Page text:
Madonna on Trump: “In A Way, I Feel Like It Had To Happen.”

“I’m just as horrified as you are, but I do believe that Trump was elected for a reason,” said Madonna on Thursday in Brooklyn.

Getty Images for Brooklyn Museum

On the eve of the inauguration, Madonna, the woman whose career seems to personify the idea of “pussy grabs back” in pop culture, gathered at the Brooklyn Museum to join a moderated discussion with artist Marilyn Minter. Throughout the talk, the Hillary Clinton supporter didn’t seem defeated by the election results. Instead, she seemed energized if not reborn by the prospect of the challenges the Donald Trump administration would present.

While she once famously shied away from the term “feminist” in favor of “humanist,” she appeared in a black t-shirt emblazoned with the “feminist” label. At one point she promised to slap every man in the room who also didn’t identify with the term. This is a Madonna who, as always, is always ready to change with the times and up for a fight, but one sharpened with the wisdom of experience.

Minter and Madonna talked openly about the ideas of aging while still incorporating sexuality into their work, the troubles that have always faced female creatives, and the criticism and abuse they’ve both faced throughout their career.

The talk soon, however, turned to Trump, as most conversations do these days. Minter expressed her initial horror.

“This is the most frightened I’ve ever been,” said Minter. “I’ve never been frightened by my government before. I’ve been really angry at them, and I’ve watched Nixon, the AIDS crisis and two Bushes, and this is like the first time everything is really upside down. What I thought was happening was not what was happening. The most qualified candidate that ever ran was beaten by the most unqualified candidate that ever ran because of misogyny, baked in misogyny.”

Madonna, however, views Trump’s win as a wake-up call.

“I’m just as horrified as you are, but I do believe that Trump was elected for a reason: to show us how lazy and un-unified and lackadaisical and taking-for-granted we’ve become of our freedom and the rights we have as Americans,” she said. “They say it’s always darkest before the dawn. This had to happen to bring people together—so let’s get this party started!””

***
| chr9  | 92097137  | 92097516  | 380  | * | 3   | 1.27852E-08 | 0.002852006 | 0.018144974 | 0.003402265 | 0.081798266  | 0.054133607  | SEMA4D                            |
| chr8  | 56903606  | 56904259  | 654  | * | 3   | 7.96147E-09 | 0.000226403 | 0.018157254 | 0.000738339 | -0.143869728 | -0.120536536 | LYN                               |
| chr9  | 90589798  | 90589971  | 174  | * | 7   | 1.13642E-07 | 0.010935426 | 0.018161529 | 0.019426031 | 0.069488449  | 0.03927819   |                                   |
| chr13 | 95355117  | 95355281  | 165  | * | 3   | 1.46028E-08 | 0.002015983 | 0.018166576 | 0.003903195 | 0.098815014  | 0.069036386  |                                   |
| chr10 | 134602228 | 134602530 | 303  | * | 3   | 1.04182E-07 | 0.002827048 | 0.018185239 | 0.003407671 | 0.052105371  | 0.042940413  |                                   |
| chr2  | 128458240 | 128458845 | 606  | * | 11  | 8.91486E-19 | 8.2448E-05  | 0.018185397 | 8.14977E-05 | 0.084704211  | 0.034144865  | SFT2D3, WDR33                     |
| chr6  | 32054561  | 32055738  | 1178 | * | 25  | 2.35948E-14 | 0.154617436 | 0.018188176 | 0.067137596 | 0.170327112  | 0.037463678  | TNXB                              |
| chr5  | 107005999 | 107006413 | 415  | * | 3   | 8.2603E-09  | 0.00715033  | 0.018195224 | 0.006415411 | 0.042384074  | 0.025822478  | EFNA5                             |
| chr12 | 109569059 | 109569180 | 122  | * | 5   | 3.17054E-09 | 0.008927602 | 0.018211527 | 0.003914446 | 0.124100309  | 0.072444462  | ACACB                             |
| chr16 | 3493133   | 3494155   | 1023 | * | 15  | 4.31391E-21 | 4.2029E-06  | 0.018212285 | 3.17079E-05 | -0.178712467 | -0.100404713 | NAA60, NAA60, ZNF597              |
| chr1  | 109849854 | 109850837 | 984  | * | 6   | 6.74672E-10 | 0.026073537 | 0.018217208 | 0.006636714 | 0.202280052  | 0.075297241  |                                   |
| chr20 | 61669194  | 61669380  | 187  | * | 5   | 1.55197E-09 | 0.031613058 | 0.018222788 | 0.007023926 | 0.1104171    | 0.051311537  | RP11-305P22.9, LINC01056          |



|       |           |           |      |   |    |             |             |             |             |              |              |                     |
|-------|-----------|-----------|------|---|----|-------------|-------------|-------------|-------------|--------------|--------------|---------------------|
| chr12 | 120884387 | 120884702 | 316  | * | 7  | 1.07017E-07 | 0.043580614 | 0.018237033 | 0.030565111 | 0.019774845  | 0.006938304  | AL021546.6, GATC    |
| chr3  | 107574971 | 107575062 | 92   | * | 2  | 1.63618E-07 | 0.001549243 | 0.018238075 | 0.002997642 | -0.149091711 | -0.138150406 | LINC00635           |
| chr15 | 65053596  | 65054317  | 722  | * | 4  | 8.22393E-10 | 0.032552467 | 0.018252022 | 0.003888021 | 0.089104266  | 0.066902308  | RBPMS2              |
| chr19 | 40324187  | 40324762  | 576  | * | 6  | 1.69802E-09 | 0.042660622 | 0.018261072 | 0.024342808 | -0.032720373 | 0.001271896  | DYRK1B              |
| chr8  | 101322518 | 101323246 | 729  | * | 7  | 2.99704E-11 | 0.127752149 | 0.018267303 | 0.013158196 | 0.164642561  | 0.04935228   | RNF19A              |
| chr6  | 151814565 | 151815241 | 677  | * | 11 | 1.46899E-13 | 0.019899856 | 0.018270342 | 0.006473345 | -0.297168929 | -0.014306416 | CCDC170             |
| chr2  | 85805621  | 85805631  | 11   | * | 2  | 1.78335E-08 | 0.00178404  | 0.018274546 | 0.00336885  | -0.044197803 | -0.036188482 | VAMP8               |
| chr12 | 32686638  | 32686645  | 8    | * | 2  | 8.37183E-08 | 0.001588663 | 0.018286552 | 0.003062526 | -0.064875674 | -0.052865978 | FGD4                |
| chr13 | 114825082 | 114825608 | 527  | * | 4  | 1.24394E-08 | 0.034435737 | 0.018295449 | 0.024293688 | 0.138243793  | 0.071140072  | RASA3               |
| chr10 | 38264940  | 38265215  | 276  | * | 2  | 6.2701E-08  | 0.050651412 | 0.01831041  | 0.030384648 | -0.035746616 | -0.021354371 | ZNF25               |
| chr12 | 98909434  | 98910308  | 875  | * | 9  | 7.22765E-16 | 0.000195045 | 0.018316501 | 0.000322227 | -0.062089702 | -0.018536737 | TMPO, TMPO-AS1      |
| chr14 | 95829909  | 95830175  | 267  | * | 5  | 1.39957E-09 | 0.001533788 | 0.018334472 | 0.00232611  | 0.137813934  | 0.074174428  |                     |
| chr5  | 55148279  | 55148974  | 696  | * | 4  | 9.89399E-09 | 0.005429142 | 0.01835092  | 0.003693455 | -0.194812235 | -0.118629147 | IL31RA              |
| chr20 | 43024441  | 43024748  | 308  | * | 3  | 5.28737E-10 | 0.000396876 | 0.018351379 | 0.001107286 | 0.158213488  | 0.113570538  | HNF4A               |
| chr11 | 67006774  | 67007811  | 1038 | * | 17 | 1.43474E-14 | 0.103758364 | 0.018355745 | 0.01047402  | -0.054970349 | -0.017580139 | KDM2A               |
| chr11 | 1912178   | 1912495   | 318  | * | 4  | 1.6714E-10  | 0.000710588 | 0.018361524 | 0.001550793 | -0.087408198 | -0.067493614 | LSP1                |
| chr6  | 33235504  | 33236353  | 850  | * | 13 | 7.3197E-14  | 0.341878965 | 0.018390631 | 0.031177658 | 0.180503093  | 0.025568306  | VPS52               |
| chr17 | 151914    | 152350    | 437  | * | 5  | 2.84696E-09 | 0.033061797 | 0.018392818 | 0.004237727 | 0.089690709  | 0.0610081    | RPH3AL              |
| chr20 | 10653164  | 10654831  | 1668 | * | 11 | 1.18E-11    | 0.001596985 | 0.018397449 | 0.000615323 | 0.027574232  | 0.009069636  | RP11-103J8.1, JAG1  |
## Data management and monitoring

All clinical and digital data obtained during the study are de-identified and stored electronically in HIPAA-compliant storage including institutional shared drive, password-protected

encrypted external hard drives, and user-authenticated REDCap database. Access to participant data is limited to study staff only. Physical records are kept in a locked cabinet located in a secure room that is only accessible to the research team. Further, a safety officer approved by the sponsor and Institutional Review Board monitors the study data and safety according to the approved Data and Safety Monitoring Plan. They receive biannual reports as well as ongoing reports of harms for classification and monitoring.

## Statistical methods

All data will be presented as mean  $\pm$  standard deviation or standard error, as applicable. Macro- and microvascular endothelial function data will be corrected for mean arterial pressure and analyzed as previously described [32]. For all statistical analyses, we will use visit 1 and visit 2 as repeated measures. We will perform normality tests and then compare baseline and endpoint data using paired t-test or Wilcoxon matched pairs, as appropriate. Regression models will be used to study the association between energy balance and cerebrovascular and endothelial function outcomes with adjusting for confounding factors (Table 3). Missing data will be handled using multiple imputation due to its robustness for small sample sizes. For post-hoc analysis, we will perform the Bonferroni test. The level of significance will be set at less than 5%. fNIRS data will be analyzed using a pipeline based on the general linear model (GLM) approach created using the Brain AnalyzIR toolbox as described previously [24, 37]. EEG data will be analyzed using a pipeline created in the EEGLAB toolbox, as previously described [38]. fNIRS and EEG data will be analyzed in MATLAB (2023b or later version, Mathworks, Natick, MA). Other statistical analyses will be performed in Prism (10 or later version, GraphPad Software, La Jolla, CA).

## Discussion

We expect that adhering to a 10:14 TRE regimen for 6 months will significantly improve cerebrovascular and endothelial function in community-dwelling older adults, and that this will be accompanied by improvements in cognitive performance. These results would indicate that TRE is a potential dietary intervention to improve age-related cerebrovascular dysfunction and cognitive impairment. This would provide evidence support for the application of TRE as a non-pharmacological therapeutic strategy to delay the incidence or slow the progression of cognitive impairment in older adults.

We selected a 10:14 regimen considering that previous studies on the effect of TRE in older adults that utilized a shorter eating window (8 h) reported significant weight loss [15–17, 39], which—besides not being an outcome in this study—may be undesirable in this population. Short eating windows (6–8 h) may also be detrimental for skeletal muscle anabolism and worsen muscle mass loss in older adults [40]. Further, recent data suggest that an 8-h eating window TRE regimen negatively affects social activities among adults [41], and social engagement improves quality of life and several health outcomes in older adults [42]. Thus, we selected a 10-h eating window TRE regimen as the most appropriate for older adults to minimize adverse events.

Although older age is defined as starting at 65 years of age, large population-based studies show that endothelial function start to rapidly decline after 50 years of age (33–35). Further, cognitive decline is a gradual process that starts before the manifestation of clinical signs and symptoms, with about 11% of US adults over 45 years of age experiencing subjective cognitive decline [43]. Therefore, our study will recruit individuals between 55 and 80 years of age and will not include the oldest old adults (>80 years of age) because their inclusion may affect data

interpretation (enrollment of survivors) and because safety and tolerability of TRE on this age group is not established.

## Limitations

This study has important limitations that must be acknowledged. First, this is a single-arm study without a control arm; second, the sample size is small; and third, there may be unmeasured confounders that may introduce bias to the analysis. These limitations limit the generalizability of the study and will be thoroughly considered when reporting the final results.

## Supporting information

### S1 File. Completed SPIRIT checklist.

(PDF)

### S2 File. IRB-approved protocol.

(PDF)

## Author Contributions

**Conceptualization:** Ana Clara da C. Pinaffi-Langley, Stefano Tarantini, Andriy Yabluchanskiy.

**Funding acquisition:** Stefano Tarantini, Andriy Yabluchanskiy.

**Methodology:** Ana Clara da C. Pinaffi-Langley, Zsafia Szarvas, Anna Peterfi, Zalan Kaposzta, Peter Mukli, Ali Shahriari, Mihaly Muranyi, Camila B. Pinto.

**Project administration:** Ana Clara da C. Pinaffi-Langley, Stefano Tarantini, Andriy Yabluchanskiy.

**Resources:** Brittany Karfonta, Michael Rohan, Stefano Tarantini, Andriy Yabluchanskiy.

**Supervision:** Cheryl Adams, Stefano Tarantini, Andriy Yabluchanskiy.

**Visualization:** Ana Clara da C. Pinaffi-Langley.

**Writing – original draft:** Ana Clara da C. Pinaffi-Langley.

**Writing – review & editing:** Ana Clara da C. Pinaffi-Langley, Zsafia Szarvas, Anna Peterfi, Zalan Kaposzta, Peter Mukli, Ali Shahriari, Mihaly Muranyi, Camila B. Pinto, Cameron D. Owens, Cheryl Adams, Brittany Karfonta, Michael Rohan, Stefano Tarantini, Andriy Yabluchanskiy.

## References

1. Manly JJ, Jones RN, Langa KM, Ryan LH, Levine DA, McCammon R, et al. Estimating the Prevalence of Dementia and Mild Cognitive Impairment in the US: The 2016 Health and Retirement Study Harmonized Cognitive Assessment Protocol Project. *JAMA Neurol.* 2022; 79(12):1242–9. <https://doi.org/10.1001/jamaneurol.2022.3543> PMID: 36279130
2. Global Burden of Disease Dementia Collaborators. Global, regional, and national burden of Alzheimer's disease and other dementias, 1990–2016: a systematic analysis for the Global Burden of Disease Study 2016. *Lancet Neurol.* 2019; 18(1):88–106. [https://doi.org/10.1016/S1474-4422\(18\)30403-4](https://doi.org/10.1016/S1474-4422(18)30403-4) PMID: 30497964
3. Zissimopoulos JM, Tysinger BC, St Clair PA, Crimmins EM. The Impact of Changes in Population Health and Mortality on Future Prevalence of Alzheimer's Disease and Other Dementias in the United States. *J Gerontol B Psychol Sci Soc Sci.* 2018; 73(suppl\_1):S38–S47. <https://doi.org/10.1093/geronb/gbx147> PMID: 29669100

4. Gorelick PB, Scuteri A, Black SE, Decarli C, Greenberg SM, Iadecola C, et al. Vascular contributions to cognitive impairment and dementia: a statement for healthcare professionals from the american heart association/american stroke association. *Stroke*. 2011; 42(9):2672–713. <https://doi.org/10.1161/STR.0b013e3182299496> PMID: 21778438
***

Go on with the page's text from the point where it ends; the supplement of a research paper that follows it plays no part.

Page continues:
“I feel like history is just repeating itself over and over and over again,” she elaborated later on. “Our nature is to be, well, several things. One is fearful of the unknown, scared of what we don’t know, what we don’t understand and to react to that fear is some pretty disgusting ways. So once we have something handed to us on a platter, which is freedom of expression, freedom of speech, freedom to have ownership of our reproduction all of those things, we take it for granted, When we start taken it for granted we lose appreciation.

“Everybody knows this if you don’t appreciate something you’re going to lose it,” she added.

“In this past few years we were going towards progress in such a monumental way,” followed up Minter. “it’s almost like this last gasp of patriarchy just grabbed it away.”

“Yeah, but do you think people really appreciated that? What we were doing?” countered Madonna.

In the end, both artists concluded that the only way to move forward was with a renewed energy for creation and activism.

“The only way I could feel better is thinking ‘Ok, well I’m going to start doing activism again,” said Minter at one point. “Great art comes out of this kind of thing all the time.”

As for Madonna, she said, “We only have two choices: destruction and creation. I’m going down the road of creation, and you’re all welcome to join me.”

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